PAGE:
7. Remove obvious items that can be used for self-injury. If your child has to go to the effort of finding something to self-harm, rather than grabbing a knife from the kitchen drawer, it may give him or her time to think about what he or she is doing and change his or her mind. Lock sharp items away, take them with you or hide them, but don’t leave them out for easy access.
  8. Research self-harm and healthy coping skills. This is a time when you have a lot of questions. There are many helpful sites about self-injury on the Internet.Learn about Dialectical Behavioral Therapy (DBT). This type of therapy combines standard psychotherapy with skills training. The patients learn healthy coping skills to combat self-harm triggers. DBT works best if the parent also learns about the therapeutic method, so he or she can be supportive and encouraging.
  9. Do not minimize self-harm. When a child self-harms on a regular basis, a parent can get into the habit of thinking that this behavior is “not so bad.” This is dangerous; every incident of self-harm is significant and should not be minimized. Remember there are links between self-injury and suicide.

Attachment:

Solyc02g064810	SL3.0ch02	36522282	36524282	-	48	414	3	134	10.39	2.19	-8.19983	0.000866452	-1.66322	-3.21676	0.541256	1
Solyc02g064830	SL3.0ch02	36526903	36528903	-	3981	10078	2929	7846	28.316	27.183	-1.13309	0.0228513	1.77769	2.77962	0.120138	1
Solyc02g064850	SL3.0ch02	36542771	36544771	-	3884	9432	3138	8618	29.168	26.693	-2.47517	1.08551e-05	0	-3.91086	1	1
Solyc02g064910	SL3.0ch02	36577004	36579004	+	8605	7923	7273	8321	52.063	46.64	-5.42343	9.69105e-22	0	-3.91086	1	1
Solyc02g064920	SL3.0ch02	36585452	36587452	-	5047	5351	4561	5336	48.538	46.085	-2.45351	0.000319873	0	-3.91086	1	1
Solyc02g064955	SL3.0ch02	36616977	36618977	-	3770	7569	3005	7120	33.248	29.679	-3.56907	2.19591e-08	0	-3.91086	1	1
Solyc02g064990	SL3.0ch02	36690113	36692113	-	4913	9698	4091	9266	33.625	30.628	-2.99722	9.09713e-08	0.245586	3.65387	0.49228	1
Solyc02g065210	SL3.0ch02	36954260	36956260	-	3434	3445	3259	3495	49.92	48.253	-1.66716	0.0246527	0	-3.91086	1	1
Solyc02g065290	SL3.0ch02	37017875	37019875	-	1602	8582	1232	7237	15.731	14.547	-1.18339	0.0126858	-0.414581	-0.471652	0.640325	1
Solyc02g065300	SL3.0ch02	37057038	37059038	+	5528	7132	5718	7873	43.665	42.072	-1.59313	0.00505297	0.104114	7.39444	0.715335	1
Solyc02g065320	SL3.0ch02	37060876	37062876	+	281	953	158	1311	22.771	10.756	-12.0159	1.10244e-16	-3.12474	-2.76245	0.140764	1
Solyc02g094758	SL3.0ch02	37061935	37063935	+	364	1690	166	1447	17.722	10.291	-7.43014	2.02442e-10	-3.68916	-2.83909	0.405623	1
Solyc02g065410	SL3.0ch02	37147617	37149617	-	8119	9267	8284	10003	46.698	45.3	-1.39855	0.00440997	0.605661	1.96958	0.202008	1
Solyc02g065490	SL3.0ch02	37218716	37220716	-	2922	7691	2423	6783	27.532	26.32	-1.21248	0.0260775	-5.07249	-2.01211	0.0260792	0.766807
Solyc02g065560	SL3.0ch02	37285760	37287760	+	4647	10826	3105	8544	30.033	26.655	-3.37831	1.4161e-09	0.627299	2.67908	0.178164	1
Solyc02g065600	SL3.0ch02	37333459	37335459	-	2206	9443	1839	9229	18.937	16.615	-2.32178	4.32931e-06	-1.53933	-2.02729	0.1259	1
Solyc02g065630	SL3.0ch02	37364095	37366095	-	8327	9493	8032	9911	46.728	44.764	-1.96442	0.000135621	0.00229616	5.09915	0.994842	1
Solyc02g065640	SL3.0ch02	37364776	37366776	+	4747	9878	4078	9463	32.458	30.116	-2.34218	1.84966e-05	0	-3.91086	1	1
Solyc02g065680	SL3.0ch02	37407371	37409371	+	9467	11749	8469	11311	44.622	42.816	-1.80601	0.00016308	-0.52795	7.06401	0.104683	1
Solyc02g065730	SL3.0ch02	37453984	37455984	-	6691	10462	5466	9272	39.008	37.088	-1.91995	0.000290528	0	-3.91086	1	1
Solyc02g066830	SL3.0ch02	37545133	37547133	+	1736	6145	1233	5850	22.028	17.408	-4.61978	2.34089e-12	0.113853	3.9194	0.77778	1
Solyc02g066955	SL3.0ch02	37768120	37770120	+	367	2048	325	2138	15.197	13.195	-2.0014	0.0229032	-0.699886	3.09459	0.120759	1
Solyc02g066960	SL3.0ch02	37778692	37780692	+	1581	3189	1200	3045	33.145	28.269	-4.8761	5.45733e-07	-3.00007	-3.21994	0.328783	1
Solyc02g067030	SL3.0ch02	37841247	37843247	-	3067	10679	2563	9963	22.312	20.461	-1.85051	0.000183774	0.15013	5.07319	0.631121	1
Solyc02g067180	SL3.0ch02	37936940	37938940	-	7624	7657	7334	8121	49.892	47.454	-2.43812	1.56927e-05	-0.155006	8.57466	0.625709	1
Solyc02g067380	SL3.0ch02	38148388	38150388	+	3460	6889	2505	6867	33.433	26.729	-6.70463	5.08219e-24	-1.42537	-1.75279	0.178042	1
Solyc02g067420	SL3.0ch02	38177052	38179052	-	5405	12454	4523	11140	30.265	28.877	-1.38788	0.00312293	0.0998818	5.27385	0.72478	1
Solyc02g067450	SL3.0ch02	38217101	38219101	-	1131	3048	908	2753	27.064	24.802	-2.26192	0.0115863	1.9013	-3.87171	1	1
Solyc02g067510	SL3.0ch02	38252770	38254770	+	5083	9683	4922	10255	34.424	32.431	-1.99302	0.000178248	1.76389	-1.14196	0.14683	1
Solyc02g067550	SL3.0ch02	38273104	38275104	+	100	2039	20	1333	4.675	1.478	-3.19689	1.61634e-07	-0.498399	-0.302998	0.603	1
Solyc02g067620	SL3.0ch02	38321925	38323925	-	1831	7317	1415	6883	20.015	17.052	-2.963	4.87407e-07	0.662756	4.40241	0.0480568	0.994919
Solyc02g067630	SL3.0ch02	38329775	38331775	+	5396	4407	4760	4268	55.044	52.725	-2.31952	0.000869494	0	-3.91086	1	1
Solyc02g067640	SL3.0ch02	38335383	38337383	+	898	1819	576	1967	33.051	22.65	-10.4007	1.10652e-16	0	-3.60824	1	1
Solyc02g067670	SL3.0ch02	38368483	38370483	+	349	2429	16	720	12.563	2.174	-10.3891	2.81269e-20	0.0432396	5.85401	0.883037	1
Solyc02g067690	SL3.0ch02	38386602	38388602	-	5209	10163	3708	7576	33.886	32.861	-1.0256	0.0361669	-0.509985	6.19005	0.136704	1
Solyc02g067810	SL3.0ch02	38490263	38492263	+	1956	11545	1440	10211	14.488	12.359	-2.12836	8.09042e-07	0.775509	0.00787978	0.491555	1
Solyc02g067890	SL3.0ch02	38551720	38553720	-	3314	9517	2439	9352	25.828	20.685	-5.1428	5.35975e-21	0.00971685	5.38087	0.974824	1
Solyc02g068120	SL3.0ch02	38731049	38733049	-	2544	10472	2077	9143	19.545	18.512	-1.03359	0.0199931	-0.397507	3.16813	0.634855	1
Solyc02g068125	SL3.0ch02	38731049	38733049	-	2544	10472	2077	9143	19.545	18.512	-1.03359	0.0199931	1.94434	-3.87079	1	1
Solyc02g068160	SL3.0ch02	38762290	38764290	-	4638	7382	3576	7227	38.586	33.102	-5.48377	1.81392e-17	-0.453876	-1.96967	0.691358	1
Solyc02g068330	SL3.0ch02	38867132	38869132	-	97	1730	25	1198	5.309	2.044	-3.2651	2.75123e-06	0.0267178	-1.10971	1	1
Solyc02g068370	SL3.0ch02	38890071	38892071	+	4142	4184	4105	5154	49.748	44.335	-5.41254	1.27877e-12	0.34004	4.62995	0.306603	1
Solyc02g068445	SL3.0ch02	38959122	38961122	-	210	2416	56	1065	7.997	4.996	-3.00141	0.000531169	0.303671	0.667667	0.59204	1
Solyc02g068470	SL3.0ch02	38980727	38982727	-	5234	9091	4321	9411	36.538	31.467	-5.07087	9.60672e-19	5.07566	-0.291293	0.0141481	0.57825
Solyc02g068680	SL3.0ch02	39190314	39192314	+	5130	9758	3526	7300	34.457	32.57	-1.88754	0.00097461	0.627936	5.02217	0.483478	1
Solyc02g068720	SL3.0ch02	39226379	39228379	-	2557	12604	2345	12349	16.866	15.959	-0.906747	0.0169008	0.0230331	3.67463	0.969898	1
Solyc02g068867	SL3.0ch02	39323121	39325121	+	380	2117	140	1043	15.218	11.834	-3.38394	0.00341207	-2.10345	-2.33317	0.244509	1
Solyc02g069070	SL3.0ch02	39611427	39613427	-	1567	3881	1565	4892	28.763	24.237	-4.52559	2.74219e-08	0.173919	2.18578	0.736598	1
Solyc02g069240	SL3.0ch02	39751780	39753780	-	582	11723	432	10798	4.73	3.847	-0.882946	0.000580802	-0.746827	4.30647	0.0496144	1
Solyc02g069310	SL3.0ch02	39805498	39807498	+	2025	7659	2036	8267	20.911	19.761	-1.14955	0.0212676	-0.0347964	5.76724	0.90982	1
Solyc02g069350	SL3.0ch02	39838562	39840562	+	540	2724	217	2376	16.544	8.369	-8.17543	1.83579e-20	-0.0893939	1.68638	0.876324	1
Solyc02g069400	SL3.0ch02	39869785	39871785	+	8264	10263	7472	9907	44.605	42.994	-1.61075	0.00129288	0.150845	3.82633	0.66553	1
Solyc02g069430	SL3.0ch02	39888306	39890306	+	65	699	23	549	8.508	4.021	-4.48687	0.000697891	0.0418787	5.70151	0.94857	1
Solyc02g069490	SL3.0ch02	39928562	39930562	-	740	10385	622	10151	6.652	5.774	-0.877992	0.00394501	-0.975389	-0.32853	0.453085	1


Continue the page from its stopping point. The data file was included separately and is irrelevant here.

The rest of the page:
10. Be honest, not disappointed. Your child doesn’t want to be in emotional pain or self-harm. Part of the healing process will involve setbacks. Be prepared for these. Never tell your child that you are disappointed in him or her for self-harming. This will only create a barrier in your relationship. Remember to validate. You don’t have to agree, you just have to listen.Honesty can create a bond between you and your child. If you don’t know what to say or do, be truthful and tell your child that you don’t know how to help him or her. They are likely to accept this, because he or she doesn’t know what to do, either.